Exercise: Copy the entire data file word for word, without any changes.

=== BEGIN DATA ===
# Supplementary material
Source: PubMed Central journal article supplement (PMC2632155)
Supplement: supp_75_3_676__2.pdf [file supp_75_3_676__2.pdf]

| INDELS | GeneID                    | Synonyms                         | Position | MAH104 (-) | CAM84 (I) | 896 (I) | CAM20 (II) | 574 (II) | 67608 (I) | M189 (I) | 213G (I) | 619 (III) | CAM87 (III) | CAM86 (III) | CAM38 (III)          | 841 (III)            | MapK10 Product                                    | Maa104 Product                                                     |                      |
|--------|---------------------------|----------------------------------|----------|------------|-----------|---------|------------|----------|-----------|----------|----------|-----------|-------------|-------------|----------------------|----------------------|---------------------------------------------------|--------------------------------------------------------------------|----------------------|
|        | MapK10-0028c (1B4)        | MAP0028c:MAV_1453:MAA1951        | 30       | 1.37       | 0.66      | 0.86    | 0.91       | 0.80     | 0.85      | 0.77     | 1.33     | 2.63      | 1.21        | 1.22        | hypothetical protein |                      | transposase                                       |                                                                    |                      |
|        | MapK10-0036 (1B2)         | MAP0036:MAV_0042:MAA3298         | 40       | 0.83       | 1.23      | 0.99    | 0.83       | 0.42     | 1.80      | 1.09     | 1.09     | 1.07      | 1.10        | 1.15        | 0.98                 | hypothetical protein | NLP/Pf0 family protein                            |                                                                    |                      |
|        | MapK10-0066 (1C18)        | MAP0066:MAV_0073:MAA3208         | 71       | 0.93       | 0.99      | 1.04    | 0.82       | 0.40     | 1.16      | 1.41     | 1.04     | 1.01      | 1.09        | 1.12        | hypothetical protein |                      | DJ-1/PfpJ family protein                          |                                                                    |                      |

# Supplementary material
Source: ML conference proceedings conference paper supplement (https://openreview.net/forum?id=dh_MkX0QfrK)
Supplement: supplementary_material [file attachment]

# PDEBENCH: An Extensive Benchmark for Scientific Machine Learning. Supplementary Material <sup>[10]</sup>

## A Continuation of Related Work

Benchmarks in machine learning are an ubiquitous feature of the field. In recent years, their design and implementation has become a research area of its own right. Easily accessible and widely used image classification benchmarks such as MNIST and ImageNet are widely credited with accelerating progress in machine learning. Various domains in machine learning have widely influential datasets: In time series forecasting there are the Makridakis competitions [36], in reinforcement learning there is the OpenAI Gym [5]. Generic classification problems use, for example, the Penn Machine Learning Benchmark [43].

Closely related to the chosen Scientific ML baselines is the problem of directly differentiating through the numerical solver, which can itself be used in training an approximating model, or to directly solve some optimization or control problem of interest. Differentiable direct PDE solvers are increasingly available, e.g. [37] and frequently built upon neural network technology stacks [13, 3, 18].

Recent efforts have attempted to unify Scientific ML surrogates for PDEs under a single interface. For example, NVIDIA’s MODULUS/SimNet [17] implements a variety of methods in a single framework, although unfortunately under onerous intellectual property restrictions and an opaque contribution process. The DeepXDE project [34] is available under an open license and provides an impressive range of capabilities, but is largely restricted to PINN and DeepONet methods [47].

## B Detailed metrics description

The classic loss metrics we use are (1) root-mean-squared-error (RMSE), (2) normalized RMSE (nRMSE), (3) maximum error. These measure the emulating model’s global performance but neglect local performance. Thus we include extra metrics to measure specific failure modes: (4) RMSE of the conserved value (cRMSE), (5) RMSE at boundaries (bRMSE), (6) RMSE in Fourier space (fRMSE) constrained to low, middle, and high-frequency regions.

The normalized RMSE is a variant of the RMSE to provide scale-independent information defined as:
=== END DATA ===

# Supplementary material
Source: PubMed Central journal article supplement (PMC2632155)
Supplement: supp_75_3_676__2.pdf [file supp_75_3_676__2.pdf]

| INDELS | GeneID                    | Synonyms                         | Position | MAH104 (-) | CAM84 (I) | 896 (I) | CAM20 (II) | 574 (II) | 67608 (I) | M189 (I) | 213G (I) | 619 (III) | CAM87 (III) | CAM86 (III) | CAM38 (III)          | 841 (III)            | MapK10 Product                                    | Maa104 Product                                                     |                      |
|--------|---------------------------|----------------------------------|----------|------------|-----------|---------|------------|----------|-----------|----------|----------|-----------|-------------|-------------|----------------------|----------------------|---------------------------------------------------|--------------------------------------------------------------------|----------------------|
|        | MapK10-0028c (1B4)        | MAP0028c:MAV_1453:MAA1951        | 30       | 1.37       | 0.66      | 0.86    | 0.91       | 0.80     | 0.85      | 0.77     | 1.33     | 2.63      | 1.21        | 1.22        | hypothetical protein |                      | transposase                                       |                                                                    |                      |
|        | MapK10-0036 (1B2)         | MAP0036:MAV_0042:MAA3298         | 40       | 0.83       | 1.23      | 0.99    | 0.83       | 0.42     | 1.80      | 1.09     | 1.09     | 1.07      | 1.10        | 1.15        | 0.98                 | hypothetical protein | NLP/Pf0 family protein                            |                                                                    |                      |
|        | MapK10-0066 (1C18)        | MAP0066:MAV_0073:MAA3208         | 71       | 0.93       | 0.99      | 1.04    | 0.82       | 0.40     | 1.16      | 1.41     | 1.04     | 1.01      | 1.09        | 1.12        | hypothetical protein |                      | DJ-1/PfpJ family protein                          |                                                                    |                      |

# Supplementary material
Source: ML conference proceedings conference paper supplement (https://openreview.net/forum?id=dh_MkX0QfrK)
Supplement: supplementary_material [file attachment]

# PDEBENCH: An Extensive Benchmark for Scientific Machine Learning. Supplementary Material <sup>[10]</sup>

## A Continuation of Related Work

Benchmarks in machine learning are an ubiquitous feature of the field. In recent years, their design and implementation has become a research area of its own right. Easily accessible and widely used image classification benchmarks such as MNIST and ImageNet are widely credited with accelerating progress in machine learning. Various domains in machine learning have widely influential datasets: In time series forecasting there are the Makridakis competitions [36], in reinforcement learning there is the OpenAI Gym [5]. Generic classification problems use, for example, the Penn Machine Learning Benchmark [43].

Closely related to the chosen Scientific ML baselines is the problem of directly differentiating through the numerical solver, which can itself be used in training an approximating model, or to directly solve some optimization or control problem of interest. Differentiable direct PDE solvers are increasingly available, e.g. [37] and frequently built upon neural network technology stacks [13, 3, 18].

Recent efforts have attempted to unify Scientific ML surrogates for PDEs under a single interface. For example, NVIDIA’s MODULUS/SimNet [17] implements a variety of methods in a single framework, although unfortunately under onerous intellectual property restrictions and an opaque contribution process. The DeepXDE project [34] is available under an open license and provides an impressive range of capabilities, but is largely restricted to PINN and DeepONet methods [47].

## B Detailed metrics description

The classic loss metrics we use are (1) root-mean-squared-error (RMSE), (2) normalized RMSE (nRMSE), (3) maximum error. These measure the emulating model’s global performance but neglect local performance. Thus we include extra metrics to measure specific failure modes: (4) RMSE of the conserved value (cRMSE), (5) RMSE at boundaries (bRMSE), (6) RMSE in Fourier space (fRMSE) constrained to low, middle, and high-frequency regions.

The normalized RMSE is a variant of the RMSE to provide scale-independent information defined as: